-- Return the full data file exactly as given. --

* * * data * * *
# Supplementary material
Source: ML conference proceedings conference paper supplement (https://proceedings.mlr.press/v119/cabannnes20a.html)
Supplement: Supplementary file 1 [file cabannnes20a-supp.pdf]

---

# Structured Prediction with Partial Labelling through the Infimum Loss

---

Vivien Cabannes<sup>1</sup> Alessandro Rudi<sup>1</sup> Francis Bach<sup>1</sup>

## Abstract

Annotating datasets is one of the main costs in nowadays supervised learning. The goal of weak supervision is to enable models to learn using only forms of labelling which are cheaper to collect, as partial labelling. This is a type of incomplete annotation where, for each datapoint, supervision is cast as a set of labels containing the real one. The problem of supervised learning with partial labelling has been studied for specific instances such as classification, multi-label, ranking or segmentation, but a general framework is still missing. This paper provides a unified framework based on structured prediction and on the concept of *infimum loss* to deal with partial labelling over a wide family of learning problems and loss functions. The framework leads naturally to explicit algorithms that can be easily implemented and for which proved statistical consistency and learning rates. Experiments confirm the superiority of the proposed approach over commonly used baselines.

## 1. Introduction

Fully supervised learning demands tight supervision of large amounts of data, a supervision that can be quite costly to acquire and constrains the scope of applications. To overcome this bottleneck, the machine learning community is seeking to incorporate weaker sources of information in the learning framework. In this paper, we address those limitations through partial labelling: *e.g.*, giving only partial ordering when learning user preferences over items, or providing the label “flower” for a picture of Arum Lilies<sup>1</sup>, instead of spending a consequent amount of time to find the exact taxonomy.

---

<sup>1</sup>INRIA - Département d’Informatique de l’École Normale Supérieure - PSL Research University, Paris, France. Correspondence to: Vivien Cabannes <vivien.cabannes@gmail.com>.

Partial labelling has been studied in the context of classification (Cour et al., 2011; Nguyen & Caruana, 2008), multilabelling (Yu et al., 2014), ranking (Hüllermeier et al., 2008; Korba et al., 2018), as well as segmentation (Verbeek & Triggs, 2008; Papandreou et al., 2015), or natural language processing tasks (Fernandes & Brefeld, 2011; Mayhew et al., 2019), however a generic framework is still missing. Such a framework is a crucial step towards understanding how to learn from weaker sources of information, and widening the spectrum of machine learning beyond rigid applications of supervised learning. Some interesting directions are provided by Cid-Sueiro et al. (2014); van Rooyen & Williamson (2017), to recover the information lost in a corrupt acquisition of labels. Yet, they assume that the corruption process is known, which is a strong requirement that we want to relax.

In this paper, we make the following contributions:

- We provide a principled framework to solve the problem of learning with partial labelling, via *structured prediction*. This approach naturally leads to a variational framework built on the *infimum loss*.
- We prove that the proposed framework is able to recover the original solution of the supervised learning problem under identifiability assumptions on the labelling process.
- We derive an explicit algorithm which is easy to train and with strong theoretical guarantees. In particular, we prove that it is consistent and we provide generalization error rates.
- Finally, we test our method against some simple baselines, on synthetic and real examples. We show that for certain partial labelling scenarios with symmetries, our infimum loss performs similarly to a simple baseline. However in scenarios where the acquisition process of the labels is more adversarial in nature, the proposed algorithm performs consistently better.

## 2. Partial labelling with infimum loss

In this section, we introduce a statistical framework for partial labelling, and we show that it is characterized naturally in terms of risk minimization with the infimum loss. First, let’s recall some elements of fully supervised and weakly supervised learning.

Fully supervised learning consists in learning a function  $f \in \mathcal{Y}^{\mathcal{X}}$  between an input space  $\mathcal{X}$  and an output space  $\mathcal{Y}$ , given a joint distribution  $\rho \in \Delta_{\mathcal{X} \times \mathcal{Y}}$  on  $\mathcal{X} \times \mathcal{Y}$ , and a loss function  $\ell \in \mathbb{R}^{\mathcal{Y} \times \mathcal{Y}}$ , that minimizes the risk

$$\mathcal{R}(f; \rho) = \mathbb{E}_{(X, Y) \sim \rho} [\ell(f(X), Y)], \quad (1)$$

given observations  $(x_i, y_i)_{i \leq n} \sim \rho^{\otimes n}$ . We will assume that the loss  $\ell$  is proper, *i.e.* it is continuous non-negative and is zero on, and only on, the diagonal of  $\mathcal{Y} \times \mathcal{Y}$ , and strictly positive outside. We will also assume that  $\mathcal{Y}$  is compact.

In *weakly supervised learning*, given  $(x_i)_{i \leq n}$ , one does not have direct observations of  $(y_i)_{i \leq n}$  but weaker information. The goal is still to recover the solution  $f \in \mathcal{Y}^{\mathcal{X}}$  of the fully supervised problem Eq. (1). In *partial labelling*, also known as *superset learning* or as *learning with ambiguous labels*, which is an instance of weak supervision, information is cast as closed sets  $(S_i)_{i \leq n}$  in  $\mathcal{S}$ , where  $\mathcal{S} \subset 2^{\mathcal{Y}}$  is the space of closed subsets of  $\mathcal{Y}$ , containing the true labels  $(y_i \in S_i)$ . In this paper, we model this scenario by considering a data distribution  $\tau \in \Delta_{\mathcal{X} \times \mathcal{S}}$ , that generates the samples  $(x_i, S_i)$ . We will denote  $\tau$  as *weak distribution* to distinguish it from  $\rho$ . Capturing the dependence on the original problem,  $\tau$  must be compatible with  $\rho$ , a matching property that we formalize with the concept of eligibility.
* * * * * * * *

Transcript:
# Supplementary material
Source: ML conference proceedings conference paper supplement (https://proceedings.mlr.press/v119/cabannnes20a.html)
Supplement: Supplementary file 1 [file cabannnes20a-supp.pdf]

---

# Structured Prediction with Partial Labelling through the Infimum Loss

---

Vivien Cabannes<sup>1</sup> Alessandro Rudi<sup>1</sup> Francis Bach<sup>1</sup>

## Abstract

Annotating datasets is one of the main costs in nowadays supervised learning. The goal of weak supervision is to enable models to learn using only forms of labelling which are cheaper to collect, as partial labelling. This is a type of incomplete annotation where, for each datapoint, supervision is cast as a set of labels containing the real one. The problem of supervised learning with partial labelling has been studied for specific instances such as classification, multi-label, ranking or segmentation, but a general framework is still missing. This paper provides a unified framework based on structured prediction and on the concept of *infimum loss* to deal with partial labelling over a wide family of learning problems and loss functions. The framework leads naturally to explicit algorithms that can be easily implemented and for which proved statistical consistency and learning rates. Experiments confirm the superiority of the proposed approach over commonly used baselines.

## 1. Introduction

Fully supervised learning demands tight supervision of large amounts of data, a supervision that can be quite costly to acquire and constrains the scope of applications. To overcome this bottleneck, the machine learning community is seeking to incorporate weaker sources of information in the learning framework. In this paper, we address those limitations through partial labelling: *e.g.*, giving only partial ordering when learning user preferences over items, or providing the label “flower” for a picture of Arum Lilies<sup>1</sup>, instead of spending a consequent amount of time to find the exact taxonomy.

---

<sup>1</sup>INRIA - Département d’Informatique de l’École Normale Supérieure - PSL Research University, Paris, France. Correspondence to: Vivien Cabannes <vivien.cabannes@gmail.com>.

Partial labelling has been studied in the context of classification (Cour et al., 2011; Nguyen & Caruana, 2008), multilabelling (Yu et al., 2014), ranking (Hüllermeier et al., 2008; Korba et al., 2018), as well as segmentation (Verbeek & Triggs, 2008; Papandreou et al., 2015), or natural language processing tasks (Fernandes & Brefeld, 2011; Mayhew et al., 2019), however a generic framework is still missing. Such a framework is a crucial step towards understanding how to learn from weaker sources of information, and widening the spectrum of machine learning beyond rigid applications of supervised learning. Some interesting directions are provided by Cid-Sueiro et al. (2014); van Rooyen & Williamson (2017), to recover the information lost in a corrupt acquisition of labels. Yet, they assume that the corruption process is known, which is a strong requirement that we want to relax.

In this paper, we make the following contributions:

- We provide a principled framework to solve the problem of learning with partial labelling, via *structured prediction*. This approach naturally leads to a variational framework built on the *infimum loss*.
- We prove that the proposed framework is able to recover the original solution of the supervised learning problem under identifiability assumptions on the labelling process.
- We derive an explicit algorithm which is easy to train and with strong theoretical guarantees. In particular, we prove that it is consistent and we provide generalization error rates.
- Finally, we test our method against some simple baselines, on synthetic and real examples. We show that for certain partial labelling scenarios with symmetries, our infimum loss performs similarly to a simple baseline. However in scenarios where the acquisition process of the labels is more adversarial in nature, the proposed algorithm performs consistently better.

## 2. Partial labelling with infimum loss

In this section, we introduce a statistical framework for partial labelling, and we show that it is characterized naturally in terms of risk minimization with the infimum loss. First, let’s recall some elements of fully supervised and weakly supervised learning.

Fully supervised learning consists in learning a function  $f \in \mathcal{Y}^{\mathcal{X}}$  between an input space  $\mathcal{X}$  and an output space  $\mathcal{Y}$ , given a joint distribution  $\rho \in \Delta_{\mathcal{X} \times \mathcal{Y}}$  on  $\mathcal{X} \times \mathcal{Y}$ , and a loss function  $\ell \in \mathbb{R}^{\mathcal{Y} \times \mathcal{Y}}$ , that minimizes the risk

$$\mathcal{R}(f; \rho) = \mathbb{E}_{(X, Y) \sim \rho} [\ell(f(X), Y)], \quad (1)$$

given observations  $(x_i, y_i)_{i \leq n} \sim \rho^{\otimes n}$ . We will assume that the loss  $\ell$  is proper, *i.e.* it is continuous non-negative and is zero on, and only on, the diagonal of  $\mathcal{Y} \times \mathcal{Y}$ , and strictly positive outside. We will also assume that  $\mathcal{Y}$  is compact.

In *weakly supervised learning*, given  $(x_i)_{i \leq n}$ , one does not have direct observations of  $(y_i)_{i \leq n}$  but weaker information. The goal is still to recover the solution  $f \in \mathcal{Y}^{\mathcal{X}}$  of the fully supervised problem Eq. (1). In *partial labelling*, also known as *superset learning* or as *learning with ambiguous labels*, which is an instance of weak supervision, information is cast as closed sets  $(S_i)_{i \leq n}$  in  $\mathcal{S}$ , where  $\mathcal{S} \subset 2^{\mathcal{Y}}$  is the space of closed subsets of  $\mathcal{Y}$ , containing the true labels  $(y_i \in S_i)$ . In this paper, we model this scenario by considering a data distribution  $\tau \in \Delta_{\mathcal{X} \times \mathcal{S}}$ , that generates the samples  $(x_i, S_i)$ . We will denote  $\tau$  as *weak distribution* to distinguish it from  $\rho$ . Capturing the dependence on the original problem,  $\tau$  must be compatible with  $\rho$ , a matching property that we formalize with the concept of eligibility.